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The White House on Tuesday unveiled a new plan to address the growing presence of xylazine, a veterinary tranquilizer, in the country’s illicit drug supply.

In recent years, xylazine, which is commonly known as “tranq,” has helped to accelerate the already-deadly U.S. drug crisis. The drug is increasingly being mixed into illicit opioids like fentanyl, contributing to overdose spikes across the country, particularly in northeastern cities like Philadelphia and New York. 


Since xylazine is not an opioid, it does not respond to naloxone, the medication used to reverse opioid overdoses. While a significant amount of xylazine is known to suppress breathing and cause unconsciousness, it has no antidote. 

“[W]e are launching coordinated efforts across all of government to ensure we are using every lever we have to protect public health and public safety, and save lives,” Rahul Gupta, the director of the White House Office of National Drug Control Policy, said in a statement. “As a doctor, I have seen the devastating consequences of xylazine combined with fentanyl firsthand. And as President Biden’s drug policy advisor, I am laser-focused on finding every tool we have and following the best evidence-based practices to take on this new challenge.” 

The plan relies on six pillars, including testing, research, data collection, disrupting the xylazine supply, and developing evidence-based treatment and harm reduction practices. Additionally, Gupta said, the federal government will “explore” adding xylazine to the list of medications scheduled under the Controlled Substances Act, which would allow law enforcement to more aggressively prosecute xylazine importation and distribution for non-veterinary purposes. 


Overall, he added, the White House aims to reduce the percentage of drug poisoning deaths involving xylazine by 15% in the next two years. Xylazine was involved in nearly 11% of all fentanyl-related deaths as of mid-2022, according to the White House, nearly triple the percentage from early 2019. 

The new plan marks the latest in a string of federal government actions aimed at addressing the xylazine crisis. In late 2022, the Drug Enforcement Administration issued a public safety alert regarding xylazine. In February, the Food and Drug Administration issued an import alert for xylazine and warned it may intercept some suspicious-seeming shipments, and in April, the White House designated the substance an “emerging threat.” 

Local groups, meanwhile, have raised alarms about the threat posed by xylazine for years. In Philadelphia and New York, harm-reduction organizations have incorporated xylazine into their training and outreach materials. In particular, they have stressed the importance of ensuring continued oxygen flow to the brain, and warned that reversing a xylazine-involved overdose may require far more time and effort than simply administering naloxone.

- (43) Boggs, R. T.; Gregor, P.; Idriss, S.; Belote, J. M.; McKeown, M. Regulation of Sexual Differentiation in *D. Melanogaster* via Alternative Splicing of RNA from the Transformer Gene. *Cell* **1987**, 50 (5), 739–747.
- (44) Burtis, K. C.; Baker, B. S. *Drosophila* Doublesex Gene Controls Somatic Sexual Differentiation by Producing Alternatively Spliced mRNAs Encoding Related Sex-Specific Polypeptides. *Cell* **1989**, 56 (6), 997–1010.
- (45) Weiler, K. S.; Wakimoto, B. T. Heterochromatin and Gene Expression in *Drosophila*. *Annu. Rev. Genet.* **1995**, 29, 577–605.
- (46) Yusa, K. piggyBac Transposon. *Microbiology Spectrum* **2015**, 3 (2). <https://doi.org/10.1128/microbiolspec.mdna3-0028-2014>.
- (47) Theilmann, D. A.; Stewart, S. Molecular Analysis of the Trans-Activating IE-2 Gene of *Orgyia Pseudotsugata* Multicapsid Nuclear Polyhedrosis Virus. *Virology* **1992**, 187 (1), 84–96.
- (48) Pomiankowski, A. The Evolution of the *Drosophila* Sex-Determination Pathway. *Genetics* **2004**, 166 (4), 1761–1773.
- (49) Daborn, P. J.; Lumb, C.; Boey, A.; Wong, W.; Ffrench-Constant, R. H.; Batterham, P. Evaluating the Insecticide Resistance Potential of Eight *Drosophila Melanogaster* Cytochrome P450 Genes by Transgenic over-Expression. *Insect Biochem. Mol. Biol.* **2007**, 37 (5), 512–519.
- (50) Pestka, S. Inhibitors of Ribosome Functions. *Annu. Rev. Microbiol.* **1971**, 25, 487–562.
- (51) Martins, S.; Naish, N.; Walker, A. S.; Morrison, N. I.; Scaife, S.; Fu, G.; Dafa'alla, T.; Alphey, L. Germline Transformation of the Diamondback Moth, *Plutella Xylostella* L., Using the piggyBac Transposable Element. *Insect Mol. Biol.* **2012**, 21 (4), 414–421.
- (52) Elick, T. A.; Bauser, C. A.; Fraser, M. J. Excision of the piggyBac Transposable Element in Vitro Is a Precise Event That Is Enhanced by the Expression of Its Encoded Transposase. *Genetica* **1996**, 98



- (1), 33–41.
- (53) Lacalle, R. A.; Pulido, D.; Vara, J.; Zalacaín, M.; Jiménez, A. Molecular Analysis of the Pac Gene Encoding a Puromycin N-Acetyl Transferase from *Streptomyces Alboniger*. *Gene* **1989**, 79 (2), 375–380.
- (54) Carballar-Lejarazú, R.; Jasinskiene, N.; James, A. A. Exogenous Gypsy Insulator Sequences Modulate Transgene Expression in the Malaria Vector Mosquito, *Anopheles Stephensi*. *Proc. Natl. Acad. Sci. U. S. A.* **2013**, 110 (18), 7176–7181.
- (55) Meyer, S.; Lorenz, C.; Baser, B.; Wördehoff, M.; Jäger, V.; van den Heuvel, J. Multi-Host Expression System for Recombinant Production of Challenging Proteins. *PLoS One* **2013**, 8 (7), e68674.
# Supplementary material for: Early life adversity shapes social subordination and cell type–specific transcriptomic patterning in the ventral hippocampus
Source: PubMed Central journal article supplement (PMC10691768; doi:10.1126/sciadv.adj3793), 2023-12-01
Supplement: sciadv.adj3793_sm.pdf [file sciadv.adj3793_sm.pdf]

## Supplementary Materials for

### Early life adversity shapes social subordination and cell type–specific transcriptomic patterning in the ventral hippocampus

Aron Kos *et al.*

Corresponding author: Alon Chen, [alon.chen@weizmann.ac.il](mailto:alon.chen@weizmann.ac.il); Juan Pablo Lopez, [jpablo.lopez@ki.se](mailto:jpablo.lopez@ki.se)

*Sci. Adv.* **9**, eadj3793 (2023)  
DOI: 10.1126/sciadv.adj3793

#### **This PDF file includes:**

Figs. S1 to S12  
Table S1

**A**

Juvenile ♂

The response has grown particularly challenging for overdoses involving a combination of xylazine and the powerful synthetic opioid fentanyl. Increasingly, people experiencing an overdose remain unresponsive to even large doses of naloxone — not because of fentanyl’s potency, but because naloxone has no effect on xylazine. 

There are currently no treatments in development that could reverse xylazine’s impact. Instead, for the past several years, much of the pharmaceutical industry’s efforts have focused on developing increasingly high-dose and mechanically complex naloxone products. Experts have questioned those products’ medical utility, however, instead casting them as a way to charge vastly higher prices for a medication that has existed for nearly 50 years.

While xylazine is now highly common in some cities, it remains rare in others — meaning that even people who knowingly consume fentanyl may be unaware their drugs contain xylazine, too. And while fentanyl test strips are now common, until recently, there was no tool available to quickly and reliably test for the presence of xylazine.

In March, however, the Canadian distributor BTNX began offering xylazine test strips for sale to harm reduction groups for $200 per box of 100, or $2 per strip. Given limited supply and high price, however, the test strips remain hard to come by. 

“We’re also working hard to make xylazine test strips available to people who need them, just like fentanyl test strips,” Gupta told reporters on Monday.

STAT’s coverage of chronic health issues is supported by a grant from Bloomberg Philanthropies. Our financial supporters are not involved in any decisions about our journalism.

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